Wyoming House Rejects Common Core

Wyoming_State_Capitol_Gold_Dome

The Wyoming House allowed the introduction of HB 97 on a 47-13 vote.  This is significant because they are currently in an appropriations session.  Any non-appropriations bill needs a 2/3 majority vote in order to be introduced during these short 20-day sessions.

This bill introduced by State Representative Tom Reeder (R-Casper) is, in my opinion, a very strong bill.

  • It forbids the state from joining any consortium where they would cede control of their assessments or standards.
  • It directs the state board to create a content and performance standards advisory council to advise them in “creating and adopting world class content and performance standards that will lead to a broad liberal arts education, resulting in college and career readiness for all students.”
  • It lists specific criteria of who the state board shall appoint to this council and what qualifications are required, as well as, criteria for subcommittees who will review the standards in different subject areas.  Teachers have to have 10 years of experience with five years of teaching experience in the subject matter being reviewed.  Also the council and subcommittees will have at least three parents appointed, and they can not be anyone who is qualified to be appointed in another paragraph in the bill – so basically saying the parents must not be part of the education establishment and actually represent parents.
  • It specifies the duties of the subcommittees and how they are to conduct their reviews.
  • This review will take place annually and before there are any changes in standards the state board of education must conduct a public hearing in every legislative district and present the proposed standards to the joint education interim committee and the Wyoming Legislature.  They shall also report to all Wyoming School District Boards of Trustees.
  • Then there is this —>> “content and performance standards that are not developed under the sole authority of the state of Wyoming or standards that use the same model framework developed primarily by entities other than the state of Wyoming shall not be adopted or implemented by the state board until expiration of a public comment period of at least one (1) year.”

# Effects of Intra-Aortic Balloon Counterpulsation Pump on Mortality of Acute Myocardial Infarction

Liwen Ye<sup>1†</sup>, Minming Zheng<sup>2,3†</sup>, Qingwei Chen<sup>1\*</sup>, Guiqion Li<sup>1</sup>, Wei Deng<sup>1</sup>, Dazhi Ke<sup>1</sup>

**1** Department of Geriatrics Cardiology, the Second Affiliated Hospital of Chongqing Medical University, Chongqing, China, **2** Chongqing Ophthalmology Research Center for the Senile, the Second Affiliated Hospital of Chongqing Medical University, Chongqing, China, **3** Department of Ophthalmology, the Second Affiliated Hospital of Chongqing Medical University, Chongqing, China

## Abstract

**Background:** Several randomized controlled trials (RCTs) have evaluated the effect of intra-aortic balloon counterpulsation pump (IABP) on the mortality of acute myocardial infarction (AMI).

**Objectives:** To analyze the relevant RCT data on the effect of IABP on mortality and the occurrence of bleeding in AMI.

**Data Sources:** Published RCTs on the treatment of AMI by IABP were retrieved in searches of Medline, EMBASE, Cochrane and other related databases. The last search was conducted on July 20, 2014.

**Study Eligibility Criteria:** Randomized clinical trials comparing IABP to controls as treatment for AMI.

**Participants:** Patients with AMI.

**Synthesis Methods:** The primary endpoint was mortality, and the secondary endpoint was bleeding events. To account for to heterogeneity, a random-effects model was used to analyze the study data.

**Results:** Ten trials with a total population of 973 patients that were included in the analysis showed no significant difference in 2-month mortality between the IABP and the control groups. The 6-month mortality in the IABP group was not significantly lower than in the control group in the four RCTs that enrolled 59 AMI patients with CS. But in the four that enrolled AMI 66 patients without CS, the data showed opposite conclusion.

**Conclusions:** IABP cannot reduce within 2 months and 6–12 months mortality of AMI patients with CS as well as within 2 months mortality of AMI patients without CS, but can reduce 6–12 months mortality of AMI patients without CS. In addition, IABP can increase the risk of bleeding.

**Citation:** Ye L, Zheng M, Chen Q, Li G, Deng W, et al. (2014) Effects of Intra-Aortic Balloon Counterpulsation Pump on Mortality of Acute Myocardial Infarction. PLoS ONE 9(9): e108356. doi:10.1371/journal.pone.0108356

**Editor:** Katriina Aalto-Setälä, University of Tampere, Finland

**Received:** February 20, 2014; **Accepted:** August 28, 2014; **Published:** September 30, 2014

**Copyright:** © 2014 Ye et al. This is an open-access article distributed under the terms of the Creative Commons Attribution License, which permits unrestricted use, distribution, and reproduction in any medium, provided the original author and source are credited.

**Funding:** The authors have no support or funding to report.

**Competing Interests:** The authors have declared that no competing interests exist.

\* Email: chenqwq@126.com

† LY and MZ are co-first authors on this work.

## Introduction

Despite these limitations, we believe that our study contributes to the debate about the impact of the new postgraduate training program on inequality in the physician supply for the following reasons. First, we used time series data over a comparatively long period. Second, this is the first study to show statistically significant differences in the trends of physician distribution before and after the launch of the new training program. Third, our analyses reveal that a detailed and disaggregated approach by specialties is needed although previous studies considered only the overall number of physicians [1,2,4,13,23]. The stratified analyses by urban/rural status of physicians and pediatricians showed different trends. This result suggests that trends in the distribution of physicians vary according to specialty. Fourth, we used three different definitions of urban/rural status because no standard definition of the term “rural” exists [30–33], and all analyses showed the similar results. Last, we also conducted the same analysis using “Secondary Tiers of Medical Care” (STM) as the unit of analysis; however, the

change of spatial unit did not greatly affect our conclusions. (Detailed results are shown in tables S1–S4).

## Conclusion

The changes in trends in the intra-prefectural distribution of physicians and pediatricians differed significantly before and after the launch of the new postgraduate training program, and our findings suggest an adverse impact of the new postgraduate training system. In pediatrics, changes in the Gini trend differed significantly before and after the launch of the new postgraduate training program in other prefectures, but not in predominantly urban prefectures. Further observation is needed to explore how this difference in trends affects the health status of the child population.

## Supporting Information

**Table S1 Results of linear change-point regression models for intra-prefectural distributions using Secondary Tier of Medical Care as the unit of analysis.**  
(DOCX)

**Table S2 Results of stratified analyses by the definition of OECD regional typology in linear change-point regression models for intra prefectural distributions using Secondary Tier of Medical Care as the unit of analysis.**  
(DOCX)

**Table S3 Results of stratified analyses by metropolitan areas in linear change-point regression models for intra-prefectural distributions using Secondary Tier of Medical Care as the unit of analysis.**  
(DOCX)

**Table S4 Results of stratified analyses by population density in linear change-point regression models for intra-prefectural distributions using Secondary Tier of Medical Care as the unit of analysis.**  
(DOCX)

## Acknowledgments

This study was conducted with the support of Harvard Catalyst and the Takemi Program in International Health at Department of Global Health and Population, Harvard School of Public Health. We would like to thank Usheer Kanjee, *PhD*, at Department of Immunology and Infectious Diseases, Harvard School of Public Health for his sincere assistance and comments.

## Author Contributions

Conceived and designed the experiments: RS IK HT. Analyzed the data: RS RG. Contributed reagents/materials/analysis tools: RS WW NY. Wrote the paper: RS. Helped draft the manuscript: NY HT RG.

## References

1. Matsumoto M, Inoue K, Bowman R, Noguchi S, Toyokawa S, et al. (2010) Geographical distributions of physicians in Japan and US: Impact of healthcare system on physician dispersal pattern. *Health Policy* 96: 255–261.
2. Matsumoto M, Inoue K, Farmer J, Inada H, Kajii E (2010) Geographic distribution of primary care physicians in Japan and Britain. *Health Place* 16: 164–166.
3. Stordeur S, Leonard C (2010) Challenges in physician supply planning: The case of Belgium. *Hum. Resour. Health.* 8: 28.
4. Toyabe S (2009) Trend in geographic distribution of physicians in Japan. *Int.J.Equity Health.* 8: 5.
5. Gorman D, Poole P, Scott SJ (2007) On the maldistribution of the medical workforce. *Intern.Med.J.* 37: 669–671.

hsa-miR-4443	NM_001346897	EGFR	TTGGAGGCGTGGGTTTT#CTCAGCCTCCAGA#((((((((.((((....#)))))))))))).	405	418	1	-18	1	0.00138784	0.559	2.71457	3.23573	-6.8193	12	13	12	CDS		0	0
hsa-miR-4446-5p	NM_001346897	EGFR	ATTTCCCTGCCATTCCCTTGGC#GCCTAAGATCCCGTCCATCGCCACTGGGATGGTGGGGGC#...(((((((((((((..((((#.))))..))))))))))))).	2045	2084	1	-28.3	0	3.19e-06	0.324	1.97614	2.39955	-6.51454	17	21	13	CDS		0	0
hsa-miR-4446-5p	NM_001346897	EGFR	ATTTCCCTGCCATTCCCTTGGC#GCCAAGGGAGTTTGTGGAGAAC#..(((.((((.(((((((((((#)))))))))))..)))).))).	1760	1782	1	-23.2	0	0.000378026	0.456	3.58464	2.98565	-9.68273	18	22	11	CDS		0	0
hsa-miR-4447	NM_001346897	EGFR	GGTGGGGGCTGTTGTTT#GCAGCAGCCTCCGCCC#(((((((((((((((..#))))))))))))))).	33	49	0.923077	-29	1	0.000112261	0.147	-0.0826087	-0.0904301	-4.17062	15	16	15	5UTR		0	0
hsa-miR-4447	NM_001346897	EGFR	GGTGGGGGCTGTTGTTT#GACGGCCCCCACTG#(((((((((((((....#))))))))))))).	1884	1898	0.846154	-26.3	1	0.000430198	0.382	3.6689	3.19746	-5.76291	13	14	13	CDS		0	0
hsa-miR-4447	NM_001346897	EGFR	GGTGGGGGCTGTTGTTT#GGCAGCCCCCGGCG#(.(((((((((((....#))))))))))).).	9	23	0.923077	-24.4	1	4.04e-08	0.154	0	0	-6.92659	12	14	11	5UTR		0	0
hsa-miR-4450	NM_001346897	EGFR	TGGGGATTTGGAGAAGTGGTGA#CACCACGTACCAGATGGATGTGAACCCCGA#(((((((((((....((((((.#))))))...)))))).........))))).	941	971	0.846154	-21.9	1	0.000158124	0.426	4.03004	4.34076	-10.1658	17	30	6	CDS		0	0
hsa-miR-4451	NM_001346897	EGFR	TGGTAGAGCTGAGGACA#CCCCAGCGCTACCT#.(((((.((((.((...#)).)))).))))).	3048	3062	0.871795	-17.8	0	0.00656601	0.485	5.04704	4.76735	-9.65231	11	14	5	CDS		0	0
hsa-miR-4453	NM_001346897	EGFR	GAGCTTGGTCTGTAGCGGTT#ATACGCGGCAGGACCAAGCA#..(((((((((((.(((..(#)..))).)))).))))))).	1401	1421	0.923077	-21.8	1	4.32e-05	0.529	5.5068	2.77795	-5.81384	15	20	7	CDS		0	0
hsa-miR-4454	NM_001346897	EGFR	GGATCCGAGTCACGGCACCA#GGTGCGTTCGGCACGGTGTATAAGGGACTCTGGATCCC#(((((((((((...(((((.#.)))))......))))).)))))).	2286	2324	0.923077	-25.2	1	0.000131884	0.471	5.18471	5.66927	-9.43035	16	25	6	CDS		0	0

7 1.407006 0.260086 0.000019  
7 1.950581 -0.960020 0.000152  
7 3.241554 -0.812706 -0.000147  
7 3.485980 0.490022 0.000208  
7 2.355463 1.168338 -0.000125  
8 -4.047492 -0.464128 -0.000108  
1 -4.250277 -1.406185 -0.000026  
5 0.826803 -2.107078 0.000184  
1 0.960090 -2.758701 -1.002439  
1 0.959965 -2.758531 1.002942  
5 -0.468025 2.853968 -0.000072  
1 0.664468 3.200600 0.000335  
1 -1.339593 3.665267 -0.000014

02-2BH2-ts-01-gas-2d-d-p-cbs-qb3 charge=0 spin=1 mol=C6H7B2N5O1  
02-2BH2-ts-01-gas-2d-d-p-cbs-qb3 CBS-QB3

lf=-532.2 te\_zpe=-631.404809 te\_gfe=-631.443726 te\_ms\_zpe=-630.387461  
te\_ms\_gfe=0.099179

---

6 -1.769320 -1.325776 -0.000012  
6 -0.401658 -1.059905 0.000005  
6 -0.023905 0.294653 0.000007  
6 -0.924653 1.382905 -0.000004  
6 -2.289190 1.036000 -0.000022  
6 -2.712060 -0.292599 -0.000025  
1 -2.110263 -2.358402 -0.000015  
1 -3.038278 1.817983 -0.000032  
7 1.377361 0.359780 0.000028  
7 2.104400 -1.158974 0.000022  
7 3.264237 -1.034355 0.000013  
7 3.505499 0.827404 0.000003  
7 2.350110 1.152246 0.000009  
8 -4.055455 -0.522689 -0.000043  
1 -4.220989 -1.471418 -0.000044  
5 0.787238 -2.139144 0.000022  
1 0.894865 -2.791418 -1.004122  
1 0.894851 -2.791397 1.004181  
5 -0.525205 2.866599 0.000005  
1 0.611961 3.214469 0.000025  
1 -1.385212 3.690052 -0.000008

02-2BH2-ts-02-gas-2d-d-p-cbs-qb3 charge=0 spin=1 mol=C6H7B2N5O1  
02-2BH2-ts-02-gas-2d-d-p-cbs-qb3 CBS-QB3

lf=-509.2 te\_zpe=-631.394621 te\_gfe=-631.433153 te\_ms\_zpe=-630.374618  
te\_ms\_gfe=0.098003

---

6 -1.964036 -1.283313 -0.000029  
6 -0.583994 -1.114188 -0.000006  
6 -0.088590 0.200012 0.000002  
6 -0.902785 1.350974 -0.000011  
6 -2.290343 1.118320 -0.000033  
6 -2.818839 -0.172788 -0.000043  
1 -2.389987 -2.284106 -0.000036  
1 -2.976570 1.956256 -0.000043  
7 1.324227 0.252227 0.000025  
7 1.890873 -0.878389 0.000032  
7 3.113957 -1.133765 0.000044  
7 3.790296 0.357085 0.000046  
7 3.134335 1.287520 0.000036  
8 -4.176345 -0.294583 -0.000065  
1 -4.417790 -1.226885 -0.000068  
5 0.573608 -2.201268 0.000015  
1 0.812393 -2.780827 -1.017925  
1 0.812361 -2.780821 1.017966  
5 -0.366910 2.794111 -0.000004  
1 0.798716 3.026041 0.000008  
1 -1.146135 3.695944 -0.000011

• HB 97 sets up criteria for district and statewide assessments, and what data cannot be collected.  They also forbid any sharing of personally identifiable information outside the state.  They also forbid it within unless it meets strict criteria.
  • It outlines conditions that must be met by the Federal government before any data can be released as a condition of receiving a Federal grant.
  • This bill directs the Wyoming State Board of Education to withdraw from the Smarter Balanced Assessment Consortium.

This bill was co-sponsored by State Representatives Lynn Hutchings (R-Cheyenne), David Miller (R-Riverton), and State Senators Dan Dockstader (R-Afton) and Larry Hicks (R-Baggs).

Update: I spoke with Kelly Simone who was involved lobbying at the Wyoming House today.  Since it is an appropriations session there are a few more hoops this bill needs to go through.

  1. It needs to be heard in the Wyoming House Education Committee.
  2. It needs to be read three more times in the Wyoming House.
  3. Then it goes to the Senate.

Comments

  1. Dara Davis says

    Why are there so many legislative steps to get rid of common core in our schools, yet it slipped into our children’s classrooms, literally without notice?

    • says

      If I understand correctly there are only these steps because the legislative session they are in is typically reserved for appropriations bills only so non-appropriations bills need to be voted on in order to be introduced. It’s not that many more steps than if it were in a regular session. In Iowa a bill needs to be read in the House, assigned to a committee, they then assign a subcommittee, then the regular committee votes, and then it goes to the House chamber for a vote.

      • Dara Davis says

        If the bill passes, do the public schools lose the money that they received because they implemented common core?

        • says

          What difference would losing this money make? Would you prefer to have your child sold to Socialist ideas for a bar of gold? Or educate him in Freedom while struggling to make ends meet?
          I would rather Freedom, thank you very much.

          • Dara Davis says

            I totally agree. But I would like to know if our schools lose money as a result of withdrawing from common core. I believe money is driving their decisions. Also, do you know if the teachers unions support common core or not. They are a powerful influence. Personally, I have home schooled my children and two are about to graduate from high school. However, I am very concerned about what is happening to our children and the influence this is having on our future generations. I’m just a mom…what can I do?

  2. donawyo says

    Thanks, Shane, for your article. I’m from Wyoming and not as versed as you on Common Core. I thought it was a good bill. Nice to have it verified by you.

  3. Melanie says

    Even if they had to return the money, it would still cost less in the long run. The cost of implementing common core would be a lot more over the next few years.

  4. Cindy Brooks says

    Thank you Wyoming! You’re moving in the right direction. I’m in Montana and working hard to get our legislators on board for their next session in January, 2015. This looks like a great bill that could be a model for us.